Among the selected mutations, we have the transition m.3243A>G which is a typical cause of MELAS  and MIDD ; transition m.8993T>G, responsible of a number of patients suffering NARP  and MILS ; transitions m.3460G>A, m.11778G>A, m.14484T>C, which are common causal mutations in LHON patients [40, 41], etc. (see  for a review). It can be tentatively said that the selected SNPs actually cover an ample spectra of the fully confirmed causal mutations in the most common mtDNA diseases. For instance, according to , the prevalence of m.3243A>G is about 1 in 6,135 in the general (European) population; see also . It is also worth to mention that it is straightforward to add mutations to our initial multiplex design because SNaPshot minisequencing is very flexible in this regard .
The minisequencing reaction presented here detected 11 mutations in an easy and straightforward manner in 11 different patients with clinical suspicion of Leber disease. All the mutations and their homoplasmic status were finally confirmed by automatic sequencing. We did not observed false positives in a substantial number of controls. We also simulated heteroplasmic states by mixing wild:mutant DNAs; the minisequencing technique demonstrates a good performance in detecting at least mixtures up to 1:10.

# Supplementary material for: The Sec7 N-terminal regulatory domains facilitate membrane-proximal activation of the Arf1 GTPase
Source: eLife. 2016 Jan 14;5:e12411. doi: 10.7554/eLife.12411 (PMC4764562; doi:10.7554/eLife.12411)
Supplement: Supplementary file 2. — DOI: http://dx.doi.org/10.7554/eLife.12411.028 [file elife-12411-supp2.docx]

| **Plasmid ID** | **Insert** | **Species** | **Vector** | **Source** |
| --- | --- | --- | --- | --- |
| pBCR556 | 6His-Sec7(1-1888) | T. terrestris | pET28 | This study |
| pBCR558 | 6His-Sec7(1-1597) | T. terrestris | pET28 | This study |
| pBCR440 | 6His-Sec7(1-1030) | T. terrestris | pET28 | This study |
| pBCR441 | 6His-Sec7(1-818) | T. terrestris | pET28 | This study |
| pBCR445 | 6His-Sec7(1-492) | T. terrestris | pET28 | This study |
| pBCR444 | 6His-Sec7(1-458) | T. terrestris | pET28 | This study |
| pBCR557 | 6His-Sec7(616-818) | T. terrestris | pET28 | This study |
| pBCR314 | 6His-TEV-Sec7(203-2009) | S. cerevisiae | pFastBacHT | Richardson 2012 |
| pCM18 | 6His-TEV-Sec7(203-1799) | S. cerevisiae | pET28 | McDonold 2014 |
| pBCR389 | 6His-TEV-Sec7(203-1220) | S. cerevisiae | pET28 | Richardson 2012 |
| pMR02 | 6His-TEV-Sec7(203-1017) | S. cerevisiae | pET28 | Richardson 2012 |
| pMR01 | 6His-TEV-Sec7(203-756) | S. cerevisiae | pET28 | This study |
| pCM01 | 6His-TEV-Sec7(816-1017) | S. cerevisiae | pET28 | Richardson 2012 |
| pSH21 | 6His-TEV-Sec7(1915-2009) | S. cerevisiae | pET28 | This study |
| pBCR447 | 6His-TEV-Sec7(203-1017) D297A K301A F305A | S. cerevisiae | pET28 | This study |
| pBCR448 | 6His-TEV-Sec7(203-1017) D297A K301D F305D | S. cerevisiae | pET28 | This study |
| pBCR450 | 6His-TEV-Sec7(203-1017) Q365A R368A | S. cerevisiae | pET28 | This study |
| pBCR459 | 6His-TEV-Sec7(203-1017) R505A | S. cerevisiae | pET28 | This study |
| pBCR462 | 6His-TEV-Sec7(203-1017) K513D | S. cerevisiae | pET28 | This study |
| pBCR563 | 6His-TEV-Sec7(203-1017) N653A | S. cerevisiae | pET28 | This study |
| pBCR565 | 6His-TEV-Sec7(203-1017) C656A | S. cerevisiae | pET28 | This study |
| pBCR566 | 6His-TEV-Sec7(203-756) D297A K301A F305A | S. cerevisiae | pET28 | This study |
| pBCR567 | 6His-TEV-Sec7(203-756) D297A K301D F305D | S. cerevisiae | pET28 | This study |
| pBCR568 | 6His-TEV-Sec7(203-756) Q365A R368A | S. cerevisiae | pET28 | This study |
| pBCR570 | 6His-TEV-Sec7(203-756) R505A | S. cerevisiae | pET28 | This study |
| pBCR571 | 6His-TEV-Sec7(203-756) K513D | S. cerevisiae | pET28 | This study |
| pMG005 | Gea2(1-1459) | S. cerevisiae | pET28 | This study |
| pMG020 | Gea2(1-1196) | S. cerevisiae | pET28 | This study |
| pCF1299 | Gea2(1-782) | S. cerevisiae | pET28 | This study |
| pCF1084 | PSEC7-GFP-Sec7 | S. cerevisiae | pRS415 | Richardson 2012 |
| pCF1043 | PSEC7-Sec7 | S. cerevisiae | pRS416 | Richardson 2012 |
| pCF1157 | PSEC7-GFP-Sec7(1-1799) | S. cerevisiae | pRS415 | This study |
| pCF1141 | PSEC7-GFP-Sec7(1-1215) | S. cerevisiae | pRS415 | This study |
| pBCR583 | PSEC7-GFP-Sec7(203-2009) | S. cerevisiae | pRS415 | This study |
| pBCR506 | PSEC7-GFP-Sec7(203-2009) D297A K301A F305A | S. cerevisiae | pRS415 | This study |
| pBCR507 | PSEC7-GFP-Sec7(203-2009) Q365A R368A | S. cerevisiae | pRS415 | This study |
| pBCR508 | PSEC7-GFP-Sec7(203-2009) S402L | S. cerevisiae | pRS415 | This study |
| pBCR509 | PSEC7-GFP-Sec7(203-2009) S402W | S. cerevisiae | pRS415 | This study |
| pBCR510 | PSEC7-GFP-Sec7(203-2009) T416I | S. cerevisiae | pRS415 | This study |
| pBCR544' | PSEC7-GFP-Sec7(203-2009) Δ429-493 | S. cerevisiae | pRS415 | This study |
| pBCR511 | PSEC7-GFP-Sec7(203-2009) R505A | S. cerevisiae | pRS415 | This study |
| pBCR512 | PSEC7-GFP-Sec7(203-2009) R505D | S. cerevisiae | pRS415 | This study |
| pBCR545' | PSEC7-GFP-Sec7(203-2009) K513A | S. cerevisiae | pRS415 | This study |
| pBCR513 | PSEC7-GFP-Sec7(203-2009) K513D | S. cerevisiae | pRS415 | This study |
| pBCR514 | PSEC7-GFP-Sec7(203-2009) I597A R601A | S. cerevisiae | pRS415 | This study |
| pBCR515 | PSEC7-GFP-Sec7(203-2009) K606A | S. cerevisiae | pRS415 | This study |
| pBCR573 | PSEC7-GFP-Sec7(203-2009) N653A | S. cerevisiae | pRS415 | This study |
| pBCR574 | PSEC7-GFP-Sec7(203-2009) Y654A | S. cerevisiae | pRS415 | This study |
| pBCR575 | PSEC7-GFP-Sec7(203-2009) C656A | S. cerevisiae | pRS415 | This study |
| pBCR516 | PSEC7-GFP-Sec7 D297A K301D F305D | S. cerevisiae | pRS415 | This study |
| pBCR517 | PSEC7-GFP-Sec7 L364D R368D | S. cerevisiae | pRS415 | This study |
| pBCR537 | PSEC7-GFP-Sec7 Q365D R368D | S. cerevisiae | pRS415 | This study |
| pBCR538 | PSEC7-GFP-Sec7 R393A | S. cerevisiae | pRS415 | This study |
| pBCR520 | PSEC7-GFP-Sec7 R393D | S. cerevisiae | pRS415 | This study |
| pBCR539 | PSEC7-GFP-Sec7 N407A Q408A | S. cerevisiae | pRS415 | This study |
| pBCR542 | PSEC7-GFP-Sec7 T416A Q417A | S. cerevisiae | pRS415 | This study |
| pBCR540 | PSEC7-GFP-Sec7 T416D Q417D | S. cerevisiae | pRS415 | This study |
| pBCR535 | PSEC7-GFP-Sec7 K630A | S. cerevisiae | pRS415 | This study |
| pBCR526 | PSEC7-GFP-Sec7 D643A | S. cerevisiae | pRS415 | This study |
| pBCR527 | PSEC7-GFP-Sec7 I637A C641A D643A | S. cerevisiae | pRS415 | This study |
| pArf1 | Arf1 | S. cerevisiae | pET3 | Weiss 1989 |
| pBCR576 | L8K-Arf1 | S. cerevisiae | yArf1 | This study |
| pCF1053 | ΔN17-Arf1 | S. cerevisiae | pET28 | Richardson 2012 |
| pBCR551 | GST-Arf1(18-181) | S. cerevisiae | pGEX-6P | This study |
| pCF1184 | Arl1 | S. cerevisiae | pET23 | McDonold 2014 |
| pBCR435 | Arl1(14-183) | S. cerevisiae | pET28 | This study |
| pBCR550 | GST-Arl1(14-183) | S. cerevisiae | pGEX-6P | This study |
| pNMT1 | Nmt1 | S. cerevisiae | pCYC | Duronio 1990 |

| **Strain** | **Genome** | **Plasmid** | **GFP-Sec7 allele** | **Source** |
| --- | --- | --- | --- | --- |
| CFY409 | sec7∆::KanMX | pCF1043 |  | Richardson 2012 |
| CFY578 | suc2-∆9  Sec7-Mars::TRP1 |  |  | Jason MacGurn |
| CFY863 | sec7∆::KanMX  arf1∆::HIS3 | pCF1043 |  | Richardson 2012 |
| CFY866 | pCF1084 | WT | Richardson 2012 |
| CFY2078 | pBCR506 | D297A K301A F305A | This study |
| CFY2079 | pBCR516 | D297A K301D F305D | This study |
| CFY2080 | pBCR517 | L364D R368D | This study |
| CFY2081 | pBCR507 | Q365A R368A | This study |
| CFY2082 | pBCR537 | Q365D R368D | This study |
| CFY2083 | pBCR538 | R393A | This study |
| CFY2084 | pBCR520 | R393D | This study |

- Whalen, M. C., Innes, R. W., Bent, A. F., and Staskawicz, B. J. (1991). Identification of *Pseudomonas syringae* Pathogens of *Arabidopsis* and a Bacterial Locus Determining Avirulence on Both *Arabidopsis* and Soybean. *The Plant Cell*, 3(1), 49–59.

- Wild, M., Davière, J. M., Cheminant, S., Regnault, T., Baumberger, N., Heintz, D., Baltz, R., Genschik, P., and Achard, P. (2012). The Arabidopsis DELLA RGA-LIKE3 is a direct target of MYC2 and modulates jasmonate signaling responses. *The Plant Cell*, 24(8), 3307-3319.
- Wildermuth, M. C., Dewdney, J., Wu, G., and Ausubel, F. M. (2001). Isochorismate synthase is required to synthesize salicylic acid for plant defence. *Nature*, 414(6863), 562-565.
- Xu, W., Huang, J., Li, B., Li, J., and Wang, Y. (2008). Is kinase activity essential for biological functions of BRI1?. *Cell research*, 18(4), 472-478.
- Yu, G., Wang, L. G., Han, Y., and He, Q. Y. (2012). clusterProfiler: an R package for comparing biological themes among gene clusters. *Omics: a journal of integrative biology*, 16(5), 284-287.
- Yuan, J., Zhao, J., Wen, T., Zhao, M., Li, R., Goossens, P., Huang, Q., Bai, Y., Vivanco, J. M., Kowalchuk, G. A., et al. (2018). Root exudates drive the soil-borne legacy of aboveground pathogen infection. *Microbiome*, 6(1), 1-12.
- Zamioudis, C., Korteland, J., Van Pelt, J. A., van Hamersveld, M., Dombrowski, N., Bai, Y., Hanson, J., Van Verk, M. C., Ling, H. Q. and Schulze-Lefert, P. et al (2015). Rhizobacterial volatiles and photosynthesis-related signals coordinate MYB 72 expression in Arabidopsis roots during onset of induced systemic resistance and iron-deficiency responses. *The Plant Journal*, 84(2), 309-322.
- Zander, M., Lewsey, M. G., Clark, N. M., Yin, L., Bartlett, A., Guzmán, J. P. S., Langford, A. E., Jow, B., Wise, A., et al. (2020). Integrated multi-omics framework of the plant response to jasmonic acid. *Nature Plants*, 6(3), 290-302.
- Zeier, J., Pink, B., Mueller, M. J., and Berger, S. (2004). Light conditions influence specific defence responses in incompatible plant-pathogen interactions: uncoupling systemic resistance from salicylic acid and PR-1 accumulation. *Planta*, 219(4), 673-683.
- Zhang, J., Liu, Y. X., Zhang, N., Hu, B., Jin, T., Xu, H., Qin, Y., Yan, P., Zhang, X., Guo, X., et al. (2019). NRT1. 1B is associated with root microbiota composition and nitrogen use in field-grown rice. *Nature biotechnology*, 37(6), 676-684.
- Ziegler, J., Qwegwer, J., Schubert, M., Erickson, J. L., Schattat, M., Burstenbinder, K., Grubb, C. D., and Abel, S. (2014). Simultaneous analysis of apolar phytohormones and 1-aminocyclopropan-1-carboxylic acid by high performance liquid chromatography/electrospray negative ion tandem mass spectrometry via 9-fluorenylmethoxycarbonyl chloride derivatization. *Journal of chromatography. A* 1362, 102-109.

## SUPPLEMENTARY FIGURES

The multiplex reaction shows various advantages in the clinical field with respect to other techniques (see  for more details). For instance, the primers were designed in order to obtain amplicons of size ranging 89–196, a feature of special interest in a clinical context where often the laboratories have to deal with suboptimum samples containing low amounts of DNA or highly degraded DNA (paraphine imbibed samples, biopsies, etc.) as it is also the case with forensic samples . Finally, we estimate that the cost of genotyping 25 SNPs is at least 20 times lower than the cost of RFLP genotyping (considering genotyping of one mutation at the time), and it can be done in less than three hours (including post-PCR purification, minisequencing reaction, purification of minisequencing products, electrophoresis, and documentation) for as many samples as the number of capillaries of the automatic sequencer.